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Analysis of Medical Interventions at the Start-Finish Medical Post of an International Running Event in Rural Thailand

Published online by Cambridge University Press:  02 December 2021

Wanatchaporn Ussahgij
Emergency Medicine Department, Faculty of Medicine of Khon Kaen University, Khon Kaen, Thailand
Praew Kotruchin
Emergency Medicine Department, Faculty of Medicine of Khon Kaen University, Khon Kaen, Thailand
Pharanyoo Osotthanakorn
Faculty of Medicine, Ramathibodi Hospital of Mahidol University, Bangkok, Thailand
Korakot Apiratwarakul*
Emergency Medicine Department, Faculty of Medicine of Khon Kaen University, Khon Kaen, Thailand
Correspondence: Korakot Apiratwarakul, MD Khon Kaen University - Emergency Medicine 123 Emergency Medicine Department Khon Kaen University Muang Khon Kaen Nai Mueang Khon Kaen 40002 Thailand E-mail:
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Increasing numbers of marathon running events are taking place around the world. The difficulty encountered in the management of mass gatherings, especially running in marathons, is how emergency services can deliver treatment in a timely manner. Therefore, for this kind of situation, preparation is the key to success in terms of patient management.

Study Objective:

The aim of this study was to describe the presentation of cases at a start-finish medical post in an international marathon race set in a rural area.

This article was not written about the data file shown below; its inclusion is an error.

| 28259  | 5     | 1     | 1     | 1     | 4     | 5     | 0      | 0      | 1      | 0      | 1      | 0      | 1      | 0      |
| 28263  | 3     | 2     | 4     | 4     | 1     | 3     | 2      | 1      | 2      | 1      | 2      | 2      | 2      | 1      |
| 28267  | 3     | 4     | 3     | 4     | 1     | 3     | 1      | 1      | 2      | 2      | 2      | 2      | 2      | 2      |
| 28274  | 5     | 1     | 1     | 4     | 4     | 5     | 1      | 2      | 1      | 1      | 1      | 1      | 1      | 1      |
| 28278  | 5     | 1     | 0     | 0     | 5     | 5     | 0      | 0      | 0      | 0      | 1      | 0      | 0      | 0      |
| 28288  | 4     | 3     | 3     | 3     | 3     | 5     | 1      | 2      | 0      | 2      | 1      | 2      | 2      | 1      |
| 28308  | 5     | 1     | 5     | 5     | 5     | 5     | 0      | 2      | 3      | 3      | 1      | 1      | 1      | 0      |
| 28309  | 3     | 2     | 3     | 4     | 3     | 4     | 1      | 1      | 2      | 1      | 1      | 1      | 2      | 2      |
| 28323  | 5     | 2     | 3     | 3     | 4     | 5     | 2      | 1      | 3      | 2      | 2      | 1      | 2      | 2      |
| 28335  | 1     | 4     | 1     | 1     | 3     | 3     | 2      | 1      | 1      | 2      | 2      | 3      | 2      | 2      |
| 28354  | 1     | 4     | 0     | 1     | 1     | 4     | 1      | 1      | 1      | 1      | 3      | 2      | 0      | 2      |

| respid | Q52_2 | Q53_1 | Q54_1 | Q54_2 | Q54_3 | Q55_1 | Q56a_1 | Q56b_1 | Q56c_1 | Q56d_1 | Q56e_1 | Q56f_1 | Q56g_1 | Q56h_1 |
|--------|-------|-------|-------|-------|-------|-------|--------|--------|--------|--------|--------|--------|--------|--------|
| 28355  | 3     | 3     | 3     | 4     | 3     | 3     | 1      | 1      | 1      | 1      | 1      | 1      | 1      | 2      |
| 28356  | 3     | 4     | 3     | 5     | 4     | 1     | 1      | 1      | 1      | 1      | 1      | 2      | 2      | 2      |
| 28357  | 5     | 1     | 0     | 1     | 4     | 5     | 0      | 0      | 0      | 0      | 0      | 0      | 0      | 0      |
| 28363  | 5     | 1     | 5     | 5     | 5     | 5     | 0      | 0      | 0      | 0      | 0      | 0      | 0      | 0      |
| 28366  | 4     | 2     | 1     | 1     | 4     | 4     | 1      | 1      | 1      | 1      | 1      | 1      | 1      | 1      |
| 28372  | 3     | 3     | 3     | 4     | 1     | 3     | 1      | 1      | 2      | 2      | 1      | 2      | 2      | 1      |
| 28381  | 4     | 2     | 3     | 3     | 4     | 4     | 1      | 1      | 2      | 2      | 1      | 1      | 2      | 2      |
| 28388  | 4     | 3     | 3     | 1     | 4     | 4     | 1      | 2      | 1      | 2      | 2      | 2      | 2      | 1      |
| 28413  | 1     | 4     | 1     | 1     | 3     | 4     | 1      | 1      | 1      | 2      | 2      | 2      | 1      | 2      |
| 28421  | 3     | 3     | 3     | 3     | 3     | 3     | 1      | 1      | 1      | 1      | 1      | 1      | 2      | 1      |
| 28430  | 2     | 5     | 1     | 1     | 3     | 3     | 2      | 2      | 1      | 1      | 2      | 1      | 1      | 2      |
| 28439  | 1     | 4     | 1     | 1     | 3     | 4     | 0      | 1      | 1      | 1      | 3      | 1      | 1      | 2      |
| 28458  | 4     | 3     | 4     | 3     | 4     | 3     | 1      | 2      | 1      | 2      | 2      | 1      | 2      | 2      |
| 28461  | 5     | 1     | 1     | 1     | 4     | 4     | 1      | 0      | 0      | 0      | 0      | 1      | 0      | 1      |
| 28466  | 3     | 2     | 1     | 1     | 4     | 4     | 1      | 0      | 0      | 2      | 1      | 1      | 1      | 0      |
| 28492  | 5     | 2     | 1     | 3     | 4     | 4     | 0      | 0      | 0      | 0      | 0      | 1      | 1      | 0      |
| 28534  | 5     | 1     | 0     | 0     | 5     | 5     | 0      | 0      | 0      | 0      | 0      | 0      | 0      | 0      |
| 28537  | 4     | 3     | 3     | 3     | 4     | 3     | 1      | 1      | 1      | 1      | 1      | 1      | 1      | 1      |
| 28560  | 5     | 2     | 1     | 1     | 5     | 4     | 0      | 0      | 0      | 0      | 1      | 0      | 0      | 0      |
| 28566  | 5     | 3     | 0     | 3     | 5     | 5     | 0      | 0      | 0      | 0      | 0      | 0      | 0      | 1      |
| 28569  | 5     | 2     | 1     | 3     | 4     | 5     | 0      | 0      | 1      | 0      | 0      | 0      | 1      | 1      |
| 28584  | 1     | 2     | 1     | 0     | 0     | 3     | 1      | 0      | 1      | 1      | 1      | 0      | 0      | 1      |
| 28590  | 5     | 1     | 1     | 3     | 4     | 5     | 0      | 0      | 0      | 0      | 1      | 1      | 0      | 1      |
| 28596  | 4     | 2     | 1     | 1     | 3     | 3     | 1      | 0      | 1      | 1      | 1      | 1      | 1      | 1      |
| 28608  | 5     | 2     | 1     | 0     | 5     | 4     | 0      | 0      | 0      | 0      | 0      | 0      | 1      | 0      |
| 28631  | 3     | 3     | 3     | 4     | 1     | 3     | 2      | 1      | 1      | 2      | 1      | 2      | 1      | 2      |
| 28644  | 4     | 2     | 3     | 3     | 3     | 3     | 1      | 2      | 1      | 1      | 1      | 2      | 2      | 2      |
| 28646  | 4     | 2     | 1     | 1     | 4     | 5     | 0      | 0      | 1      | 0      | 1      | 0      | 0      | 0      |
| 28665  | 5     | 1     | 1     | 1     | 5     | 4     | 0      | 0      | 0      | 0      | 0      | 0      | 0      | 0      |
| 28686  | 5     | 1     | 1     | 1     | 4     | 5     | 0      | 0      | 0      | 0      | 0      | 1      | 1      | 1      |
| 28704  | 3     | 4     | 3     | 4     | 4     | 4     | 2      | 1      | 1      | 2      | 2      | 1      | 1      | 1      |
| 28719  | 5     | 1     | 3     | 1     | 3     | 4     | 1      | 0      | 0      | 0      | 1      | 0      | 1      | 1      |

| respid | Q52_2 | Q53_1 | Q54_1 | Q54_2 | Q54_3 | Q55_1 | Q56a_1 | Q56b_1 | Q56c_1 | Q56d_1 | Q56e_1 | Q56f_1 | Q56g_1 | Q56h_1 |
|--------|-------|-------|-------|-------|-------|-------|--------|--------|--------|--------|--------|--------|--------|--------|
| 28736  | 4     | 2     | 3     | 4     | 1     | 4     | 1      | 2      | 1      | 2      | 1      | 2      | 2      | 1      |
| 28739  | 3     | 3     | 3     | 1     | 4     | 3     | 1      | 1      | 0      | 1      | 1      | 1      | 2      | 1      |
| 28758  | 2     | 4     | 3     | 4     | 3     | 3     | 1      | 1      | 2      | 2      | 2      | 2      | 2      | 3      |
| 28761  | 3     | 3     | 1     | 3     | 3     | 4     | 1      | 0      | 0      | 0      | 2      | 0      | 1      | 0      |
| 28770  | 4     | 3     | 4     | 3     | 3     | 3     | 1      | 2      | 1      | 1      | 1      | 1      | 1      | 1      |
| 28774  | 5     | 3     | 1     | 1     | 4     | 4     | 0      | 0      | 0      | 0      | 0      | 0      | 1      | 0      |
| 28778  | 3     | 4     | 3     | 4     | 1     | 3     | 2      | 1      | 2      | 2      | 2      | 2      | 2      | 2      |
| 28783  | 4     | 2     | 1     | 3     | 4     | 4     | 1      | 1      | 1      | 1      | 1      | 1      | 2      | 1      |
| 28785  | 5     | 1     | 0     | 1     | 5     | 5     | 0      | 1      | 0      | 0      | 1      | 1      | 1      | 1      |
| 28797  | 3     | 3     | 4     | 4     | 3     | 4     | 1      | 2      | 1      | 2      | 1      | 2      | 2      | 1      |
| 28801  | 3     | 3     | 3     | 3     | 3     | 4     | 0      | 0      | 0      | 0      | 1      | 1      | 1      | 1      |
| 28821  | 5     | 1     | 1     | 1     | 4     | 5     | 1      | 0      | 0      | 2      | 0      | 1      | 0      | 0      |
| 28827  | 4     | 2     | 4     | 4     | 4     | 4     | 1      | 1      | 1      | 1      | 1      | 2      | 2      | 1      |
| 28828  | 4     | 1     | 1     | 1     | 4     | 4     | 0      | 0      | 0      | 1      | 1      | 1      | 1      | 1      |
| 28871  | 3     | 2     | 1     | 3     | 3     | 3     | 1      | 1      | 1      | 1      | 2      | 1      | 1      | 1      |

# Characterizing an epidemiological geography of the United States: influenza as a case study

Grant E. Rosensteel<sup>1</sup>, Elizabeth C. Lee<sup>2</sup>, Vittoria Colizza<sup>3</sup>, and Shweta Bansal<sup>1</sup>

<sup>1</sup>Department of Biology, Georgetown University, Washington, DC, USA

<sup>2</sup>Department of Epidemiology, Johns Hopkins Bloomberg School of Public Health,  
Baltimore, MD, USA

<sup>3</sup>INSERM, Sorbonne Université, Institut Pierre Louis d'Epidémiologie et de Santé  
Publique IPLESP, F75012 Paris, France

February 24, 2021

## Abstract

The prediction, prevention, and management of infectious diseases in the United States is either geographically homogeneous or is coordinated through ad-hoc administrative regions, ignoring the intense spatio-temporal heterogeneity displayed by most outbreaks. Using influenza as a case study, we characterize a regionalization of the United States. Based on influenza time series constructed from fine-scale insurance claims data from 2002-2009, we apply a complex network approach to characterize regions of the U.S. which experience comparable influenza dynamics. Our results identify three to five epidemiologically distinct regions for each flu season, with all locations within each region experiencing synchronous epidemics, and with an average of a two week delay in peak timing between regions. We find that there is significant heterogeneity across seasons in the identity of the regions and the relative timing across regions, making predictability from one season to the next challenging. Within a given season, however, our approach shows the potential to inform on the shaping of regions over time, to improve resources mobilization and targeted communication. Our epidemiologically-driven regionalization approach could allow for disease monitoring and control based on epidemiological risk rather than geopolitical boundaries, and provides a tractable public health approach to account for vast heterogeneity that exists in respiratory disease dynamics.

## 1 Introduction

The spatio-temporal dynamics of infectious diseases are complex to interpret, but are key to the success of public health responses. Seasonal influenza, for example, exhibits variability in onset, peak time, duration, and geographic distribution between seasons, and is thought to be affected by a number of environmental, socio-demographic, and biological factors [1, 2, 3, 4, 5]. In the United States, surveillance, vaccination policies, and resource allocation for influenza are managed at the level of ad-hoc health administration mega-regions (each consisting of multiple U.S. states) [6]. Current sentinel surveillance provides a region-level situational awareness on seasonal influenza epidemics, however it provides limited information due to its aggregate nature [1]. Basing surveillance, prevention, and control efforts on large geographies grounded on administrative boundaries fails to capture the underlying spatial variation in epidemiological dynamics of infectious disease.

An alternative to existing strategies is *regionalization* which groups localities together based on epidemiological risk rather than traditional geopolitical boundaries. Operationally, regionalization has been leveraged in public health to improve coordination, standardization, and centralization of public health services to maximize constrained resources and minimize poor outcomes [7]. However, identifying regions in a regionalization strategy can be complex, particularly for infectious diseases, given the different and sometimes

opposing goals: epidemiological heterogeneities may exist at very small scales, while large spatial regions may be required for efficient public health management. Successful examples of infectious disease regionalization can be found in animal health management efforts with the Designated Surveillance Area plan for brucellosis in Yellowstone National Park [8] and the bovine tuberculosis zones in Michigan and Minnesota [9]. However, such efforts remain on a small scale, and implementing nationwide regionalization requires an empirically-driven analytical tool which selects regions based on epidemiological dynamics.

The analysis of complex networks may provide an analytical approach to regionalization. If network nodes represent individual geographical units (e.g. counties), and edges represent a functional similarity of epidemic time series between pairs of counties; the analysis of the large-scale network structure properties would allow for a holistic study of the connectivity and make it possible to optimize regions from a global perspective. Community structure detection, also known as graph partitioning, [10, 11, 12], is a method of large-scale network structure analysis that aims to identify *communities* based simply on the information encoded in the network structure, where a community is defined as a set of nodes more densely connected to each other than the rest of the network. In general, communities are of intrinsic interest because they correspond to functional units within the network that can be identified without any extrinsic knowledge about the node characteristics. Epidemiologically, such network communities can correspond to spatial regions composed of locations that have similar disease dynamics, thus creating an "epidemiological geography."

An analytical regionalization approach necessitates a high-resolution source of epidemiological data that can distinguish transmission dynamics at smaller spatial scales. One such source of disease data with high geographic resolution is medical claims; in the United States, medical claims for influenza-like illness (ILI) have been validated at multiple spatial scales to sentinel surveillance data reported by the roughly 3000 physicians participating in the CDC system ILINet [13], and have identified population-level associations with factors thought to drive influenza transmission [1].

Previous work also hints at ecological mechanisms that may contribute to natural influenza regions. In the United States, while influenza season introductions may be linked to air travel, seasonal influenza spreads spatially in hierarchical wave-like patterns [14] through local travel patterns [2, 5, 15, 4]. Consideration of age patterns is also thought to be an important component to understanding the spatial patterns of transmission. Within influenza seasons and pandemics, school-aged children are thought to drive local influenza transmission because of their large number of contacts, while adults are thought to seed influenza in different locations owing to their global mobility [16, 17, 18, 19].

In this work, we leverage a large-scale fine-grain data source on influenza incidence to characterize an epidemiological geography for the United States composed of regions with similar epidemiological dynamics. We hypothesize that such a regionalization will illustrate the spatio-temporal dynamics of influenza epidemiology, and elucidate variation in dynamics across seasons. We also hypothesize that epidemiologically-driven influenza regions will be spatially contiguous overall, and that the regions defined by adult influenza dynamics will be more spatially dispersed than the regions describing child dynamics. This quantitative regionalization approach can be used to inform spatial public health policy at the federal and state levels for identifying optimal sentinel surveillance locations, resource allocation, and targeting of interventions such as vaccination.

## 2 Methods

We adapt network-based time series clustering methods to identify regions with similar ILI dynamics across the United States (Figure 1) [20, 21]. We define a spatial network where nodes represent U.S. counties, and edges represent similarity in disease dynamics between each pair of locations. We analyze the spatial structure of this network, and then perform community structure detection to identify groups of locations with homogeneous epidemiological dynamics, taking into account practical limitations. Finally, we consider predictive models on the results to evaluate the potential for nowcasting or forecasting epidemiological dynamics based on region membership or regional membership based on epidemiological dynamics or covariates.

All medical record forms were collected from the start-finish medical post of the Khon Kaen International Marathon (KKIM) 2020. The race took place on January 26, 2020. The data were coded by two authors, and in the case of different codes, the final codes were determined by discussion.


The total number of participants in this event was 16,489. Participants who used the start-finish medical post numbered 74 (44.8 people per 10,000). More than one-half of patients were male (41; 56.9%), while 31 (34.0%) were female. The age range of the casualties was from 17 to 88 years old. The rate of incidence for those who used this post was 44.8 per 10,000 participants. The greatest density of users was at 3.40 hours after the marathon had started. The common symptoms which were found consisted of 17 soft tissue injuries (23.0%), 15 instances of cramps (20.3%), and 11 musculoskeletal (MSK) injuries (14.9%). Almost all patients were discharged, and only two of the cases were actually admitted to the hospital. No statistical significance between males and females was found (OR = 0.81; 95% CI, 0.51-1.3). However, marathon and half-marathon runners had a higher risk of being casualties (OR = 3.49; 95% CI, 1.71-7.15 and OR = 3.51; 95% CI, 1.79-6.88).